Moana is first seen as a toddler, being told an ancient story about the legendary demigod Maui. According to Gramma Tala, the dramatic storyteller, Maui stole the coveted heart of Te Fiti years before their time. As a result, a lava demon known as Te Kā swore vengeance and plunged the world into a slow-burning darkness. The only hope for humanity lies in the hands of a fearless hero, who must journey to find Maui and have him return the heart to its rightful place. While the other children are terrified by the story, Moana is captivated. Her father, Chief Tui, claims there is no such darkness consuming the world, and stresses the law that forbids anyone on the island from traveling pass the reef. Moana fails to heed her father's words and waddles to the ocean shores in bliss. There, she helps a struggling newborn seaturtle make its way to the ocean against predators. Just then, Moana is acquainted with the ocean, which reveals itself to have a mind of its own. Having witnessed her purity with the baby seaturtle, the ocean grows fond of Moana and chooses her as the heroine destined to save the world. It provides her with the heart of Te Fiti, but when Tui arrives and takes her back to the village, Moana inadvertently leaves the heart at the shore.

Tui notices his daughter's love for the sea, and over the years, he and the people of Motunui try to convince Moana that their island home is a paradise and that her destiny is to follow in her father's footsteps by becoming chief. Though she loves her people, Moana continues to feel drawn to the sea, something Tala encourages. One day, Tui takes Moana to a sacred place on the island: a high mountain, where chiefs from every generation place a stone to signify the start of their leadership. This inspires Moana to finally accept her role as soon-to-be chief of the village. She thusly spends her time learning under her parents in how to assist her people across the island. One day, the islands' supply of food begins to die out. Moana believes that traveling beyond the reef to find food elsewhere is the best solution, but Tui strongly forbids it. She nevertheless tries against his wishes and nearly drowns before she can even make it passed the barriers.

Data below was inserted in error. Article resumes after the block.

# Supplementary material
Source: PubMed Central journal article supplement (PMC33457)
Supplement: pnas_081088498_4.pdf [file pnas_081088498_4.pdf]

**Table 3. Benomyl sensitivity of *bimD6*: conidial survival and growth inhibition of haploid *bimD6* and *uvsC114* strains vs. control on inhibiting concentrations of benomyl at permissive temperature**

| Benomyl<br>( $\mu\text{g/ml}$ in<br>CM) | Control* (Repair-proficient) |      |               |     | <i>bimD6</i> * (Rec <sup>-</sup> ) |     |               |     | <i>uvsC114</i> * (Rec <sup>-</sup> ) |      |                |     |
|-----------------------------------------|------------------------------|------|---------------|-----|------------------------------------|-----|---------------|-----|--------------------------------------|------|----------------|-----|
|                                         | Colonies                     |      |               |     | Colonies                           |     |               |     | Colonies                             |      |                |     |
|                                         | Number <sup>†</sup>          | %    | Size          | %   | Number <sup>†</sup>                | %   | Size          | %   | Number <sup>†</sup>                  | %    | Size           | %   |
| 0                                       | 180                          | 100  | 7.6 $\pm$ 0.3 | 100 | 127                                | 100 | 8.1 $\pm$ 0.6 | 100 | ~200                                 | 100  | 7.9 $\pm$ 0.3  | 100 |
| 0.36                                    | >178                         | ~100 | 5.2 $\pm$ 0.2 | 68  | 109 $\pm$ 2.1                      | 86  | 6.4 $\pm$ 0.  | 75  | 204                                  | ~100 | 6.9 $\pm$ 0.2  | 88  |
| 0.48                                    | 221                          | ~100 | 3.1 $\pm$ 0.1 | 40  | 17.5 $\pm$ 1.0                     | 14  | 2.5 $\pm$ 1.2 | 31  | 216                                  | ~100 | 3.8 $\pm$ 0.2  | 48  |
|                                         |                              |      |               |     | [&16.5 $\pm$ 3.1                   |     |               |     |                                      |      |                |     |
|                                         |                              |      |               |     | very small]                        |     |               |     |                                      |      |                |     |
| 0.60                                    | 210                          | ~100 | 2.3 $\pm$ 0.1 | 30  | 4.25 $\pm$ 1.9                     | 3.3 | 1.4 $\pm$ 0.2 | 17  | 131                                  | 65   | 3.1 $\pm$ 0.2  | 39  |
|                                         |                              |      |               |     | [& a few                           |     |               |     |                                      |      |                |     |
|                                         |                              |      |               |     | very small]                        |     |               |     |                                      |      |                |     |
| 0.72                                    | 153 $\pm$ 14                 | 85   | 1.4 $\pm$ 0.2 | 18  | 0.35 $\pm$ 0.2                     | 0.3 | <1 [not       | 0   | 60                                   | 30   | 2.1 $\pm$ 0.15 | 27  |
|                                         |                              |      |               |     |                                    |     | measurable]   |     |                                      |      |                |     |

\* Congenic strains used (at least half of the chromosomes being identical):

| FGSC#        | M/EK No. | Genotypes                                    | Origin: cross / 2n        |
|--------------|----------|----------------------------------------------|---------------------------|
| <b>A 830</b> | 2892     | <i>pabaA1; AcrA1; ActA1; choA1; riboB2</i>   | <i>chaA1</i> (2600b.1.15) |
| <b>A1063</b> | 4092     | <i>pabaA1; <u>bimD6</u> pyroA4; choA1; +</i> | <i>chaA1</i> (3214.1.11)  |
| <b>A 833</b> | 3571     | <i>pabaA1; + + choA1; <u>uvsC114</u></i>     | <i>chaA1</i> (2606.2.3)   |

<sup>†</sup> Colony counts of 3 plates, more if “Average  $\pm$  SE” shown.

Believing she's failed as a sailor, Moana declares that she is not fit for the sea and wishes to place her stone on the mountain. She tells this to Tala, who responds by showing Moana a hidden cave created by their ancestors long ago. Moana learns that she's drawn to the sea because her ancestors were voyagers. When asked why their voyaging stopped, Tala explains that it was Maui's doing, referring to his crime of stealing Te Fiti's heart, which filled the seas with monsters and demons. Tala reveals to have the heart of Te Fiti in her possessions and explains that the ocean chose Moana to restore it. Not knowing how to sail, Moana rushes to her people and asks for their assistance in restoring the heart. Once again, Tui forbids leaving the island and throws the heart away. As Moana uncovers it, she finds Tala's walking cane on the grass.